Even though Cob on Wood was built without a permit on land belonging to the state’s transport agency, the city has no plans to remove the structures.
A charming refuge for the unsheltered in Oakland has taken form under a highway overpass in West Oakland thanks to a coalition of organizations and members of both the housed and unhoused community. The structures are made of “cob,” a mixture of organic materials including sand, subsoil, water, and straw, which gives the makeshift neighborhood its name: the “Cob on Wood” center.
The Cob on Wood center features many useful amenities for the unsheltered, including a hot shower, a fully stocked kitchen, a health clinic, an outdoor pizza oven, and a free “store.” You can navigate the area via stone and gravel paths while admiring the flowers and vegetable gardens that line them.
The center developed in response to the homelessness crisis in Oakland, which has only been exacerbated by the Covid-19 pandemic. The Guardian reports that more than 4,000 unhoused people live in the city, a figure that has increased by 86 percent over four years. A disproportionate percentage of the unhoused community is made up of Black Oaklanders— despite making up only 24 percent of the general population, they constitute 70 percent of the unhoused population.
Ashel Seasunz Eldridge, co-founder of Essential Food and Medicine, one of the organizations behind Cob on Wood, says “[Covid] exposed those pre-existing cracks in the infrastructure of how we take care of our people, our communities, our neighbors.”
The organizations hope that their approach to dealing with homelessness will influence how the city responds to the growing unhoused population. In 2018, the United Nations reported that the treatment of the homeless in the Bay Area was “cruel and inhumane.” They reported that the unhoused community endured unsafe conditions such as a lack of access to clean water, sanitation, and health services. As of now, the strategies the city has in place to address these issues are subpar and don’t confront the underlying causes of housing instability.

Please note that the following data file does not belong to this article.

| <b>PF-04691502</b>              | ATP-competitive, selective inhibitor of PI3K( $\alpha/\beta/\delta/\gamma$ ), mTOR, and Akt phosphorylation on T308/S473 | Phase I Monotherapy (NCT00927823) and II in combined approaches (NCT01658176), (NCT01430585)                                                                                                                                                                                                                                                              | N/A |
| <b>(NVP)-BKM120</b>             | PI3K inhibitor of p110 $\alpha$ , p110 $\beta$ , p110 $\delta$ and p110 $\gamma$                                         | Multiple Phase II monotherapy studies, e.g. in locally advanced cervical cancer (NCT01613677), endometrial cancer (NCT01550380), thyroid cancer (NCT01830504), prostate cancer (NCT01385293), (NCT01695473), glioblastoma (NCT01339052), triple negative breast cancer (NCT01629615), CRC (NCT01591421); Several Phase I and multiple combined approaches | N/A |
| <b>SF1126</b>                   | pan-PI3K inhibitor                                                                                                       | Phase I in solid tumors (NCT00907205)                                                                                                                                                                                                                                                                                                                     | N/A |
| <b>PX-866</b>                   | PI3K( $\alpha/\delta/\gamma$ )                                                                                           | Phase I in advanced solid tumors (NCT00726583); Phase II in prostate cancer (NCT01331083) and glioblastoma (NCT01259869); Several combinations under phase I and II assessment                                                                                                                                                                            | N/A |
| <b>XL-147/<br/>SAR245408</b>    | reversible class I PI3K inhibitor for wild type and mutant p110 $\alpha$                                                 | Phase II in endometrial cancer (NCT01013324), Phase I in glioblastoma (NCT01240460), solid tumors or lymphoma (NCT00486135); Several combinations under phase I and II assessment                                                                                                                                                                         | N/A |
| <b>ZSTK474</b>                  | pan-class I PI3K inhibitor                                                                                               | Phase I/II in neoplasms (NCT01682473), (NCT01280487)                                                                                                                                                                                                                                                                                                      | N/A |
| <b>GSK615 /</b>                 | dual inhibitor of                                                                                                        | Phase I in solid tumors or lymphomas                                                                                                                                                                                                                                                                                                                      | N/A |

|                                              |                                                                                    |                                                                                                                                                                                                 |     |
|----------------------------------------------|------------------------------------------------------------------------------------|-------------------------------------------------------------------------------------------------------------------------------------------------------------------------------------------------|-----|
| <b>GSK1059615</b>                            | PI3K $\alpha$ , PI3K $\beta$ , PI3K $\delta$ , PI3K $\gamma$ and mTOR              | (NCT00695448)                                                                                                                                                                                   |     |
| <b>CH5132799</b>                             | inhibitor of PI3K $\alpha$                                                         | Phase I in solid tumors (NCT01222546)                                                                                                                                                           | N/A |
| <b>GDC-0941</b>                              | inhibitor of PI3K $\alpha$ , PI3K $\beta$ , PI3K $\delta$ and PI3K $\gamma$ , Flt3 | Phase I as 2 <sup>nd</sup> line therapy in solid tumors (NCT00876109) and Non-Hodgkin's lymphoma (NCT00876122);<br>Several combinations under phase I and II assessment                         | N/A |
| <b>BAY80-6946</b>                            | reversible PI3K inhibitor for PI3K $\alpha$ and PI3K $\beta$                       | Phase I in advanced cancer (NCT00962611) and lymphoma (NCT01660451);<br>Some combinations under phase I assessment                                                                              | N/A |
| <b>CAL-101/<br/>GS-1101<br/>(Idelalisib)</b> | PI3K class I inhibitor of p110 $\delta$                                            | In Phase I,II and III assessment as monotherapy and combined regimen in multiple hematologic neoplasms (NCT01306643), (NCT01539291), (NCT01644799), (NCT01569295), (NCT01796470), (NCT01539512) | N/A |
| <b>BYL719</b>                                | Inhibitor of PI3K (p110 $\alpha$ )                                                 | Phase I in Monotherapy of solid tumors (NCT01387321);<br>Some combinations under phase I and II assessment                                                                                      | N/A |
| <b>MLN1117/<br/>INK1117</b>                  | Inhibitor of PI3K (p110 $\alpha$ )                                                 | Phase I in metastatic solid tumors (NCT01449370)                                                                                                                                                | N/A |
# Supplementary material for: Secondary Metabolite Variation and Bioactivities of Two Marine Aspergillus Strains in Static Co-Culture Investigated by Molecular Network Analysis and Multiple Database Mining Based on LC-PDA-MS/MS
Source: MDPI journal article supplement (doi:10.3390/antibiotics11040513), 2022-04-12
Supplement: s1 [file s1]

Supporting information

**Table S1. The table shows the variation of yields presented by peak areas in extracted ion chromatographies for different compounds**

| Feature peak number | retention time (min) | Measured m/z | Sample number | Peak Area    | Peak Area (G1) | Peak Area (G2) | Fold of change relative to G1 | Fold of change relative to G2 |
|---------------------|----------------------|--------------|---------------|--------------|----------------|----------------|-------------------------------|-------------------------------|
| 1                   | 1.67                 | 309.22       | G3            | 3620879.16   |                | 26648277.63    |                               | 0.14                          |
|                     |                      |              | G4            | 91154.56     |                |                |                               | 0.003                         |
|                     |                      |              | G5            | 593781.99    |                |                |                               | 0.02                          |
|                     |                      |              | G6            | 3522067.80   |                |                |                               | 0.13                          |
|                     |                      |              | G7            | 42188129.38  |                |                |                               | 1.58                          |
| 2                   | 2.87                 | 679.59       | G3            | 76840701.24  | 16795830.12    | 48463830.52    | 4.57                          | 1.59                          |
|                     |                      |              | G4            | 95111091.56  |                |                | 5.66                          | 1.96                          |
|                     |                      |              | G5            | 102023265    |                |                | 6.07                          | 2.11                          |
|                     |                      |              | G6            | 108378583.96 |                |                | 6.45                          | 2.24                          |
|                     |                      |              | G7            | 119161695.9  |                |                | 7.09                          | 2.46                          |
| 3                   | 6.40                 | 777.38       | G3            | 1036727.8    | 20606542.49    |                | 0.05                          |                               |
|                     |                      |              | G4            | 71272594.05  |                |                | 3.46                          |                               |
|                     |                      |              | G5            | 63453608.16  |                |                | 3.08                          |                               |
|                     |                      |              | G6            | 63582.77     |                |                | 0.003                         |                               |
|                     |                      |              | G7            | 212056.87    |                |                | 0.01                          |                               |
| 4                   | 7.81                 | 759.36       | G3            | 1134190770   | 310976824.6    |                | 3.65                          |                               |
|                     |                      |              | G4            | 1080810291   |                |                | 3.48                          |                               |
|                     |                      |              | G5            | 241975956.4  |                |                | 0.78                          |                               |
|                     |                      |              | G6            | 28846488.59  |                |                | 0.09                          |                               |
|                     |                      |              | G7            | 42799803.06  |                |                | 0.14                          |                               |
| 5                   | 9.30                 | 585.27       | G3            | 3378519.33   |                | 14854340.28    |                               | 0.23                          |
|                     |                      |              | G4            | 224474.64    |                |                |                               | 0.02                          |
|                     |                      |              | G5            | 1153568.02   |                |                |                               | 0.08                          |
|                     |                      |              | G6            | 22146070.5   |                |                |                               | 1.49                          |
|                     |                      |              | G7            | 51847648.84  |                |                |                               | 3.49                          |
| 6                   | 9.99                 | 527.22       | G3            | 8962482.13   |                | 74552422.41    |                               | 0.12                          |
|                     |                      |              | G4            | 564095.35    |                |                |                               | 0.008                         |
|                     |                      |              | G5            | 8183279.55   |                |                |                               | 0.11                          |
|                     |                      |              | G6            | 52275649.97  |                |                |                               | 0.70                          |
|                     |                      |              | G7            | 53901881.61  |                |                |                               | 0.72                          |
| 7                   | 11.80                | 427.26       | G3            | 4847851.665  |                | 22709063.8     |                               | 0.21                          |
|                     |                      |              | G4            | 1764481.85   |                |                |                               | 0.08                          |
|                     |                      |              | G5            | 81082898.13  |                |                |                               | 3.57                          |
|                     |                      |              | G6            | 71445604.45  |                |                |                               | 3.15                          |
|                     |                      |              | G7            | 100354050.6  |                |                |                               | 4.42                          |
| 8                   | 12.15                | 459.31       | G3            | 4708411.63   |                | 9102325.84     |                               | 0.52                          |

In fact, some critics of city programs such as the “tuff shed” project, which provides clusters of small structures as housing solutions, claim that they actually give the city more political leeway to increase sweeps, a grim experience for the unhoused community as they may lose the few possessions they do have.
In contrast, the Cob on Wood center not only provides solutions to health and sanitation, but empowers the unhoused community through educational opportunities that help them learn how to make their own cob structures, and teach them life skills like how to maintain a nutritious diet or further their careers.
Even though Cob on Wood was built without a permit on land belonging to the state’s transport agency, the city has no plans to remove the structures. The group behind Cob on Wood hopes that the council will recognize the positive impact of their efforts, and has also started a GoFundMe that has already raised more than $50,000 that will go towards expanding the cob community.
Community resident Leajay Harper lost her housing after losing her job at a non-profit during the 2008 financial crisis. Now she serves as the kitchen manager at Cob on Wood. She speaks highly of the experience she has there, saying that it “is empowering us and making us feel good about ourselves again [by] helping us earn our living, and not have to beg for it, or steal it, or commit crimes.”